On Tuesdays, I have my Society and Human Behaviour class from 9-11:50, which is exclusively for exchange students. This class is one of my biggest here, with 70 students, as well as my longest. It only takes place once a week for just under three hours. The class is quite chaotic and unstructured but very fun. We often bond in this class over our shared new experiences, perceptions, and questions related to Korea. This class is more of a seminar-style class with lectures too. We do not have reading assignments for this class though we often analyse short texts, movies, and videos in class. Some topics we have covered so far include family and socialisation, marriage and relationships, and social media. We also often discuss current events. As the class is so informal, almost everyone participates and speaks very freely.  In between my classes during the week, I typically go to different cafes to study or do some of my hobbies such as yoga, journaling, and reading. I make an effort to go to different parts of the city each week, even just for a few hours, because I always end up stumbling upon new places I love like shops, parks, or restaurants. At 15:00, I have my gender studies class, which I was absolutely thrilled to take. It is one of my most interesting classes and my professor is very kind. The class is my smallest with about 20 students and only a few exchange students. We have two reading assignments each week and they cover a mixture of theory and practice, often about Korean cases. The class mostly consists of lectures, though we occasionally have discussions and watch movies in class. 

On Wednesday mornings, I go to my Reconciliation and Justice in East Asia class made up of only exchange students. This is always a really fun class as it involves role play and group discussions. We only have one reading per week. There are about 60 students in the class, so we were randomly divided into twelve groups of five. Each group represents the position of a state, a citizenry, or organisation relevant to East Asian relations. My group is the South Korean citizens. There is one group presentation per week, followed by an either/or discussion question about collective memory and specific incidents in East Asian history. Each small group role plays by discussing, creating a loose statement, and reporting it to the class. Then, our professor tallies the results for each side of the debate to form the class consensus. I love that this class pushes me to consider issues I have never learned about before and acknowledge all of the diverse viewpoints in East Asia and the world on these events.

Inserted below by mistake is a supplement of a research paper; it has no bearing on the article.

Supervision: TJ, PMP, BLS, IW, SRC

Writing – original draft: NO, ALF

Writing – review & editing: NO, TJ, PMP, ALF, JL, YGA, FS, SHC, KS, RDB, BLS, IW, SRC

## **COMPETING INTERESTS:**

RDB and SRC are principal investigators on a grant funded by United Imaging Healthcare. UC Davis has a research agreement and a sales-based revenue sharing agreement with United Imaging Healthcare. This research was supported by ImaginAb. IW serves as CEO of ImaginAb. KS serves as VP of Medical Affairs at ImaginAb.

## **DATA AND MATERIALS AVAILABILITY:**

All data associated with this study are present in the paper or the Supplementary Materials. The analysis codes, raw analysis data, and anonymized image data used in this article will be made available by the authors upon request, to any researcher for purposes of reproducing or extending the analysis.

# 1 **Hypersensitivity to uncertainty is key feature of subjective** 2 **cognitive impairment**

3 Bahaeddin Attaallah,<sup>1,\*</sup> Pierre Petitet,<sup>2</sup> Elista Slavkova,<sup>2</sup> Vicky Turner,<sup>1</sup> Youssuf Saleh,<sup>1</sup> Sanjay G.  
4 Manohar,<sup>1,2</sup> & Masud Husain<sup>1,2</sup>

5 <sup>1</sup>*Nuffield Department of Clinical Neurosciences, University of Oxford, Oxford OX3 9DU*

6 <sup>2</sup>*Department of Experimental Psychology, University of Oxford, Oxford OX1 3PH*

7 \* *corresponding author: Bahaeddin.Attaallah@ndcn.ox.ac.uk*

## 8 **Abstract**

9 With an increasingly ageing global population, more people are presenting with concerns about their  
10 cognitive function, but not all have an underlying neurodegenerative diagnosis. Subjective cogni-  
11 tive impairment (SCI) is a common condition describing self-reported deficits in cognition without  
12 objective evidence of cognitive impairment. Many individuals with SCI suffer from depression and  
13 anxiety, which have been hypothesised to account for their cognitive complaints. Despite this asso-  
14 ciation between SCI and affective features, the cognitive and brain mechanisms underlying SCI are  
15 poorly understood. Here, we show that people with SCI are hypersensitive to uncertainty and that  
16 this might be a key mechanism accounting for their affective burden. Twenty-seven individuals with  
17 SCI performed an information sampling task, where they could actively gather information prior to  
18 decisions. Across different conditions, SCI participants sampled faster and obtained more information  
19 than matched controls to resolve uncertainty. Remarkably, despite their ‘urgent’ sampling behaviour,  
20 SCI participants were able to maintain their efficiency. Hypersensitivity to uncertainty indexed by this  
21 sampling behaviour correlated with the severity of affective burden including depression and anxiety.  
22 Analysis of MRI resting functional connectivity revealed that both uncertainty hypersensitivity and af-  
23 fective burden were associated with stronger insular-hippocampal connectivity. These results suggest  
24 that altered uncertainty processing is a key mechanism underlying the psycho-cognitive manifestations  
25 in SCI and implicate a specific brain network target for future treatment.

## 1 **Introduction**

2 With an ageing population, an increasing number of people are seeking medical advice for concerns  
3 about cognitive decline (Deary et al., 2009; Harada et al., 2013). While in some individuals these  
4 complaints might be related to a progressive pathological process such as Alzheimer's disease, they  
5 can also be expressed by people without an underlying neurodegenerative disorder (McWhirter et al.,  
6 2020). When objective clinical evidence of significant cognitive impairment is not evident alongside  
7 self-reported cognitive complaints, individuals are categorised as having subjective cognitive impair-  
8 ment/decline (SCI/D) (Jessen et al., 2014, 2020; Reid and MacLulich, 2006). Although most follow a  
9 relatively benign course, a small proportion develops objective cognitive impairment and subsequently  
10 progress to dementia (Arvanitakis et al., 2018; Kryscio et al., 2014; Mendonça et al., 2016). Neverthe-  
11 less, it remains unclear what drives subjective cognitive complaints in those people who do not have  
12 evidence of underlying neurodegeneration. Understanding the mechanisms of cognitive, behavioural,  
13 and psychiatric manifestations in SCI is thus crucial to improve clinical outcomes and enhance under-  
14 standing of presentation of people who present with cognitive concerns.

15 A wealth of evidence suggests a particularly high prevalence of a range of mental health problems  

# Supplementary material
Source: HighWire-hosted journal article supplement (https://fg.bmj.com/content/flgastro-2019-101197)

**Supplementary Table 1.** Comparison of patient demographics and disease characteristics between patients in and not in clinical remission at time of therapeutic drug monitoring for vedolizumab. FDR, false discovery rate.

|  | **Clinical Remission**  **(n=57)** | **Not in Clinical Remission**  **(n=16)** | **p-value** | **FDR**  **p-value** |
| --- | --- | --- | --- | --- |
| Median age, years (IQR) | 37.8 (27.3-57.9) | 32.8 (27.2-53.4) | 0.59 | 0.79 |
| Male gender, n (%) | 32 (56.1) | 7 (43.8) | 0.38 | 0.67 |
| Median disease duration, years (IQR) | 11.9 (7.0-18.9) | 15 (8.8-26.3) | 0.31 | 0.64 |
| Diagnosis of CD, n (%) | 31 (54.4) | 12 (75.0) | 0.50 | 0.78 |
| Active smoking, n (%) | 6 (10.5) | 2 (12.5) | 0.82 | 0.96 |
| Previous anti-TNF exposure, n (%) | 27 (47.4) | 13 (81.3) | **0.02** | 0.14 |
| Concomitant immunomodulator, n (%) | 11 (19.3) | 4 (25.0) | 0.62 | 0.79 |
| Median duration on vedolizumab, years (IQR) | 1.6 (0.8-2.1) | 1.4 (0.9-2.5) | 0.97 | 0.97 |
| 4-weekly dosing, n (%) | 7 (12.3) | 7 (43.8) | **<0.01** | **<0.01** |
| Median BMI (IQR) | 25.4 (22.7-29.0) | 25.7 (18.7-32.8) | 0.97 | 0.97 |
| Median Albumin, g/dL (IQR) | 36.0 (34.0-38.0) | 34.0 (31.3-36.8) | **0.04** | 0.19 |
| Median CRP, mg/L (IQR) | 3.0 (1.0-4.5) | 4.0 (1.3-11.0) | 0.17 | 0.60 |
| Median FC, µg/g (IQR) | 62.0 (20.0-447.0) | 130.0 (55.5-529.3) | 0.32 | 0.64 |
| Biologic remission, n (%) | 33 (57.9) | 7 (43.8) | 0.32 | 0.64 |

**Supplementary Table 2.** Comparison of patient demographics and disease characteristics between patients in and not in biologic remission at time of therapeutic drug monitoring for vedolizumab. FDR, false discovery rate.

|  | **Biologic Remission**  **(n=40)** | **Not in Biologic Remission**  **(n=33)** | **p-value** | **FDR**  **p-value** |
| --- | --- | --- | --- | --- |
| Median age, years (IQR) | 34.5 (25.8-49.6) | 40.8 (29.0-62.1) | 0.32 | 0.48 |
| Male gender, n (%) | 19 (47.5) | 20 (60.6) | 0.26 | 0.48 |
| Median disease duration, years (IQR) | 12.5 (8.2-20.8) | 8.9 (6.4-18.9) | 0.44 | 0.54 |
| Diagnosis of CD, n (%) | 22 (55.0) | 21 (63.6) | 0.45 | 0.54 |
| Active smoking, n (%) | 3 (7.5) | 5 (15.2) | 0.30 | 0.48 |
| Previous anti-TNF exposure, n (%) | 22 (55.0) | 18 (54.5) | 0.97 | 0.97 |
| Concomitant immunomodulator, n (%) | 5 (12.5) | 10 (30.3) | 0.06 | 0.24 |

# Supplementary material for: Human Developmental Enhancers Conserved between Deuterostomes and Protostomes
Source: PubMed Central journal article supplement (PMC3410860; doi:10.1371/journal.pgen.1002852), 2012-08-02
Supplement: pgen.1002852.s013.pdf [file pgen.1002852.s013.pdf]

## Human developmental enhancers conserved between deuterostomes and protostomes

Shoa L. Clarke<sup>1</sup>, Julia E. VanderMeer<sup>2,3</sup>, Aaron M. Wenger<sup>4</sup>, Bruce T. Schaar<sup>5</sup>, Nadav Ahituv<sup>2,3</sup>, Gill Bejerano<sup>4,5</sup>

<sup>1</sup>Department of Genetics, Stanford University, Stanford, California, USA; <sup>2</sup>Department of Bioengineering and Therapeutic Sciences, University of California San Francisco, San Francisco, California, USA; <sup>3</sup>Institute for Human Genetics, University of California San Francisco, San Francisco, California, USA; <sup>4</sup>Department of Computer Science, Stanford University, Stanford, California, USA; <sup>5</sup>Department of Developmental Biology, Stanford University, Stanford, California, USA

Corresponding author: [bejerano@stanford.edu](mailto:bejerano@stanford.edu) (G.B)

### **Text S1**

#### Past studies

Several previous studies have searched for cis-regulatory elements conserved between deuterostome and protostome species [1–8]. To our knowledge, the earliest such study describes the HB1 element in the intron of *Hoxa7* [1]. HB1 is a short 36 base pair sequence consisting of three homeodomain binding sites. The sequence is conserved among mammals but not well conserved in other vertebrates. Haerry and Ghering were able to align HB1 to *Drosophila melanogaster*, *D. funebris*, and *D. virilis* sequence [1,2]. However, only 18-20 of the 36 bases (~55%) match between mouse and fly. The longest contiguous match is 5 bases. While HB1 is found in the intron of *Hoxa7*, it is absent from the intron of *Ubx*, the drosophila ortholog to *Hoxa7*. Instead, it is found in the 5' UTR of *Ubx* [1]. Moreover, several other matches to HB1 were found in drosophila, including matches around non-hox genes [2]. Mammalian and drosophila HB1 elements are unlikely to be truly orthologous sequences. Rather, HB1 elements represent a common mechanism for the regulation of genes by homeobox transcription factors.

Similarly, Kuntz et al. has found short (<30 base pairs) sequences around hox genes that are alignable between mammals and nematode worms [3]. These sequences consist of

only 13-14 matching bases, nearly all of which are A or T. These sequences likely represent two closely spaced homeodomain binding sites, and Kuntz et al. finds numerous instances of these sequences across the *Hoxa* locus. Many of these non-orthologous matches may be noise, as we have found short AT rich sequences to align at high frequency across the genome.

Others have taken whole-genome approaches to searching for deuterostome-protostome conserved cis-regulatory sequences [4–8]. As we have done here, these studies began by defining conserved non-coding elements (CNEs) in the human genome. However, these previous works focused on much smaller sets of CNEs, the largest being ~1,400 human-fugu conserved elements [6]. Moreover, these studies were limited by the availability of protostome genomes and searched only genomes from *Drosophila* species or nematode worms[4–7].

At 13:00 on Thursdays, I have my only online class, Introduction to Korean Studies. This is probably my favourite class as it really delves into the history and context of life in Korea today. I feel this class has been most instrumental to my understanding of South Korea in general and all of its complexities. Some aspects of South Korea that we have studied thus far include Confucianism, Japanese colonialism, the Korean War, the Miracle on the Han River, democratization, corruption, and nationalism. During the week, we watch a movie, read a text, and watch a pre-recorded lecture on our own time. Thursday’s class is exclusively for discussion, in which our class of about 70 exchange students is divided into three groups. Our professor gives us a few discussion questions to begin with but there are also two discussion leaders per group. Then, we come together after an hour to discuss as a large group with our professor. She frequently asks us follow-up questions after our responses and makes us defend our opinions. I love that after each class, I am always left thinking so deeply about a different facet of South Korea. After that, I have my gender studies class again from 16-17:50, making Thursdays my longest day of classes.